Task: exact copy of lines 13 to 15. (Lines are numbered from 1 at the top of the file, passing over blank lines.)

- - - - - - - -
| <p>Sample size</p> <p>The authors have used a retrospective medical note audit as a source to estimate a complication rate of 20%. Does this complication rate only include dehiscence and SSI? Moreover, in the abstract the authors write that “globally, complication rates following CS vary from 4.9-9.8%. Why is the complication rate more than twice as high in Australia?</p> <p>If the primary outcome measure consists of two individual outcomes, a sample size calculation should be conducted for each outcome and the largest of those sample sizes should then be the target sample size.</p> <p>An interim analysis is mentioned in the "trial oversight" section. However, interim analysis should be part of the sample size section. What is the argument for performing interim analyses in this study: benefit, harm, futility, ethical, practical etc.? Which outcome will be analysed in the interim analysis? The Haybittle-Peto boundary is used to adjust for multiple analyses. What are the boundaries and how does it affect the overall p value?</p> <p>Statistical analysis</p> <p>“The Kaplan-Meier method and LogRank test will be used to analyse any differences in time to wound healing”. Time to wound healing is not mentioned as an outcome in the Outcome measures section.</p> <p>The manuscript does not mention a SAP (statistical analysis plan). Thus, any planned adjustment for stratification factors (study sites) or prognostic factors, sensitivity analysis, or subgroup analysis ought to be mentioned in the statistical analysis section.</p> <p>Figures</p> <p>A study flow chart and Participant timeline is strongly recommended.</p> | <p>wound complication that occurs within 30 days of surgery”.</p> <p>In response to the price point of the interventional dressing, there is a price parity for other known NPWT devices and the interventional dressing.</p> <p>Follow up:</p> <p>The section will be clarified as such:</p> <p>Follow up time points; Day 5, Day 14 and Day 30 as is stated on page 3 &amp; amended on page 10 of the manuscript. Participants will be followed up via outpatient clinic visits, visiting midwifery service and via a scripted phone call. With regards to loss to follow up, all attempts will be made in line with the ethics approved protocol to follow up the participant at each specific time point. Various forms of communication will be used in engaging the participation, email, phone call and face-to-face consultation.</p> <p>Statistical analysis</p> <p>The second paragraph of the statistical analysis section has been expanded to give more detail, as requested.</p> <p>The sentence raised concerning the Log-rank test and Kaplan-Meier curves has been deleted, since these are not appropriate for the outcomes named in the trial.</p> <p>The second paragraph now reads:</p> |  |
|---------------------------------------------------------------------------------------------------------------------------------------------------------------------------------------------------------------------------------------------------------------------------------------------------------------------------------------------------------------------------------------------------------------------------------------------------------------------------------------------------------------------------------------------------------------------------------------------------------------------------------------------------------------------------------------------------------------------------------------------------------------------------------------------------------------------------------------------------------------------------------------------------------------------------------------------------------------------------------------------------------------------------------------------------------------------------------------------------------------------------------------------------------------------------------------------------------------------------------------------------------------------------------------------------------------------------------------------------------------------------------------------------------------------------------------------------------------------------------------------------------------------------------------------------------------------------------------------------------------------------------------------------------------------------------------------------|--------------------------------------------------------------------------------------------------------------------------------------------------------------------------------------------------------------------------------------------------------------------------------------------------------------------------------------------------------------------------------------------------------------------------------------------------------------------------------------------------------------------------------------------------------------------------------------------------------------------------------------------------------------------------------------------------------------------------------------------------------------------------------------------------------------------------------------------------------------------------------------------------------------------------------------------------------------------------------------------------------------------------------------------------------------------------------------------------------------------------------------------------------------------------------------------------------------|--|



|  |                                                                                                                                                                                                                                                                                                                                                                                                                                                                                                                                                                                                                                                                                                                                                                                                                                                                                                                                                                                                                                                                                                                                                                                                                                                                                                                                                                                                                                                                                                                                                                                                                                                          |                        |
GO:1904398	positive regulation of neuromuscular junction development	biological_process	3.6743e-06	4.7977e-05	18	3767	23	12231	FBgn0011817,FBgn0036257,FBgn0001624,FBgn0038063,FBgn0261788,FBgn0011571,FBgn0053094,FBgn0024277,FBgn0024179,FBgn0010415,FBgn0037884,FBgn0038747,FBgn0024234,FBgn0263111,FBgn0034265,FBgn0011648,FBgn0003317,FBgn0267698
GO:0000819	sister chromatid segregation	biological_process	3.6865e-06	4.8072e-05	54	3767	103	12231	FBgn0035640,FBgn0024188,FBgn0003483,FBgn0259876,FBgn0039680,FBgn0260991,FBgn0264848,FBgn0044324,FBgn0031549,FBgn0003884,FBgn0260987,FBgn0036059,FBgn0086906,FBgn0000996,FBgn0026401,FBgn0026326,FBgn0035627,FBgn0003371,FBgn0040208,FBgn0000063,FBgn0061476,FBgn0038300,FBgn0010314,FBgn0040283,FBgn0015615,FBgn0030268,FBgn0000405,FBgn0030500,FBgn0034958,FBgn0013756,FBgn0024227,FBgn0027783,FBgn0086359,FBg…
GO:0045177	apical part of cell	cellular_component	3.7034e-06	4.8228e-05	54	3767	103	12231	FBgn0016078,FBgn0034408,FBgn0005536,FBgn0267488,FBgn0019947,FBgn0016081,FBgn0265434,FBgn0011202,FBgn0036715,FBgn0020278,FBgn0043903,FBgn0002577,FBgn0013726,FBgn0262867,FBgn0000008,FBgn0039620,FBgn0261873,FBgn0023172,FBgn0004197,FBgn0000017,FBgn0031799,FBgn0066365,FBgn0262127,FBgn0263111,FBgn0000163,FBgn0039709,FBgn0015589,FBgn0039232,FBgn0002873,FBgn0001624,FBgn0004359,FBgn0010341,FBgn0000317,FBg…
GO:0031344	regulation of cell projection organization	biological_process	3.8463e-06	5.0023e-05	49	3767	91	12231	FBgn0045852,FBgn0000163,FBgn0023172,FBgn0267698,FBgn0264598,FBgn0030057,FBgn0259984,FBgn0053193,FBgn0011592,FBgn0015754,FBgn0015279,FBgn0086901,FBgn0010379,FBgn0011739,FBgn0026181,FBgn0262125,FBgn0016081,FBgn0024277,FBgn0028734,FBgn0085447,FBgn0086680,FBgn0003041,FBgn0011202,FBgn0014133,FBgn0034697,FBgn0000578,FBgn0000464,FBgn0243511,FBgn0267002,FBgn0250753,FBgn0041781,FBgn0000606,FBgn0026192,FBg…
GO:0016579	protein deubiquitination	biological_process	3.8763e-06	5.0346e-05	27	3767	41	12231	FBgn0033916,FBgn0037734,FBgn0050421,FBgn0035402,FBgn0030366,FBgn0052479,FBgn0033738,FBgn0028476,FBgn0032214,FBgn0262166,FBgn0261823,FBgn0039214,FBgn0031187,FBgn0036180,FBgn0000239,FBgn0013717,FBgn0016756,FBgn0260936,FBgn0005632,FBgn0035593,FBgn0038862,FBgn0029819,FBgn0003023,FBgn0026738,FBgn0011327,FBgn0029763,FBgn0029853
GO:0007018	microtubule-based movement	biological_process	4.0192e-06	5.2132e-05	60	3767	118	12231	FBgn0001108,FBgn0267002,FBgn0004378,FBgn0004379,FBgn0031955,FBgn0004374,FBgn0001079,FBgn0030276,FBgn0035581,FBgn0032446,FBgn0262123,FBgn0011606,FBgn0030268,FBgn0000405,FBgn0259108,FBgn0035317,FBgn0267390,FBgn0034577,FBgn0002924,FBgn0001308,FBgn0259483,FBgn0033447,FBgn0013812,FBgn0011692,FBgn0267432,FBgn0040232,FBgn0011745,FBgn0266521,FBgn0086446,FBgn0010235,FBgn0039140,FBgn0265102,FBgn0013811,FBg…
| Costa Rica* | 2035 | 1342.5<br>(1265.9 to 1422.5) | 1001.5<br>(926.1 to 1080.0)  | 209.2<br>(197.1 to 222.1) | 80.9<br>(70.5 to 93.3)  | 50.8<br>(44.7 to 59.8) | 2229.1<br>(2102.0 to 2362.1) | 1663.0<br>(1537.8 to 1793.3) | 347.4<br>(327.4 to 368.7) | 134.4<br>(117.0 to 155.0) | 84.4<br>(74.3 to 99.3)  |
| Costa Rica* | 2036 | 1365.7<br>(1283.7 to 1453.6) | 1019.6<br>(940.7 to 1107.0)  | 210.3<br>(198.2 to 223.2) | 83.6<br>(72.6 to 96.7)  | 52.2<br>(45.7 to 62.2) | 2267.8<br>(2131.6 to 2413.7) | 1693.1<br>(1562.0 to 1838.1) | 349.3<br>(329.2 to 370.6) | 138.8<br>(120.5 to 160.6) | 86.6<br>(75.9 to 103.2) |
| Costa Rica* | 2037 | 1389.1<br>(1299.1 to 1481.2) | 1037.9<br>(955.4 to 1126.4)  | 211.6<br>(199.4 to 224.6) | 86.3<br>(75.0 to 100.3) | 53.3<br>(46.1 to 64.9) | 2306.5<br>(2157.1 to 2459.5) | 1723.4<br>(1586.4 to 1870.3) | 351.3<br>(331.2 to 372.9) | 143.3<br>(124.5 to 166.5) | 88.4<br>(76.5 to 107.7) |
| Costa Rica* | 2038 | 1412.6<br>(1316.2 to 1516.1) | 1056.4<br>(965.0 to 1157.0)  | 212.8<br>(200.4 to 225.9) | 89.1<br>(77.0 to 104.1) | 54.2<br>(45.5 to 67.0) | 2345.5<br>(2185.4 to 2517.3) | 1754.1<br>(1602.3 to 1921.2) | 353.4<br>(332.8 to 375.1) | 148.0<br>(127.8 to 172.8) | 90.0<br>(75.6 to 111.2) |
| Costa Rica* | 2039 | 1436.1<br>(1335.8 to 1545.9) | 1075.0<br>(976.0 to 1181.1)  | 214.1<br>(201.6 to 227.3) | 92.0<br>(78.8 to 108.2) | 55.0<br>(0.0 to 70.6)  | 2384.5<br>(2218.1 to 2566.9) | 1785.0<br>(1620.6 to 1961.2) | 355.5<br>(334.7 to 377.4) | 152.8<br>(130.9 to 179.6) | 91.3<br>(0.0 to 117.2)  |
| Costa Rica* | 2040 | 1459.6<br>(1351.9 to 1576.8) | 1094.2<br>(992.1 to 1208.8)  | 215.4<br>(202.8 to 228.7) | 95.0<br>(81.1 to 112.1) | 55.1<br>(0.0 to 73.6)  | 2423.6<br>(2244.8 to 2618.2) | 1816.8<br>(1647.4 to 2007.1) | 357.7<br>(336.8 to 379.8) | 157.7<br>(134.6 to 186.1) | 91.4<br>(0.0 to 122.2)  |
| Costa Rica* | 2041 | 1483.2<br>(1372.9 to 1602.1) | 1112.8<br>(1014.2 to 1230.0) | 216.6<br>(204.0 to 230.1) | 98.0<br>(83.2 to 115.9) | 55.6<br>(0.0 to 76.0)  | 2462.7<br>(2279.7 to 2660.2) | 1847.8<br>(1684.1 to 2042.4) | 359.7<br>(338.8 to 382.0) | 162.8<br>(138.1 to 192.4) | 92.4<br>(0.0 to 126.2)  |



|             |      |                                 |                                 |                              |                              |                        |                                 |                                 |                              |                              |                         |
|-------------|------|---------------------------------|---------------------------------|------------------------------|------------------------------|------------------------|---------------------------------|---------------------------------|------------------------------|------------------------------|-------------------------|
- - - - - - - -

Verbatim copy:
| Costa Rica* | 2038 | 1412.6<br>(1316.2 to 1516.1) | 1056.4<br>(965.0 to 1157.0)  | 212.8<br>(200.4 to 225.9) | 89.1<br>(77.0 to 104.1) | 54.2<br>(45.5 to 67.0) | 2345.5<br>(2185.4 to 2517.3) | 1754.1<br>(1602.3 to 1921.2) | 353.4<br>(332.8 to 375.1) | 148.0<br>(127.8 to 172.8) | 90.0<br>(75.6 to 111.2) |
| Costa Rica* | 2039 | 1436.1<br>(1335.8 to 1545.9) | 1075.0<br>(976.0 to 1181.1)  | 214.1<br>(201.6 to 227.3) | 92.0<br>(78.8 to 108.2) | 55.0<br>(0.0 to 70.6)  | 2384.5<br>(2218.1 to 2566.9) | 1785.0<br>(1620.6 to 1961.2) | 355.5<br>(334.7 to 377.4) | 152.8<br>(130.9 to 179.6) | 91.3<br>(0.0 to 117.2)  |
| Costa Rica* | 2040 | 1459.6<br>(1351.9 to 1576.8) | 1094.2<br>(992.1 to 1208.8)  | 215.4<br>(202.8 to 228.7) | 95.0<br>(81.1 to 112.1) | 55.1<br>(0.0 to 73.6)  | 2423.6<br>(2244.8 to 2618.2) | 1816.8<br>(1647.4 to 2007.1) | 357.7<br>(336.8 to 379.8) | 157.7<br>(134.6 to 186.1) | 91.4<br>(0.0 to 122.2)  |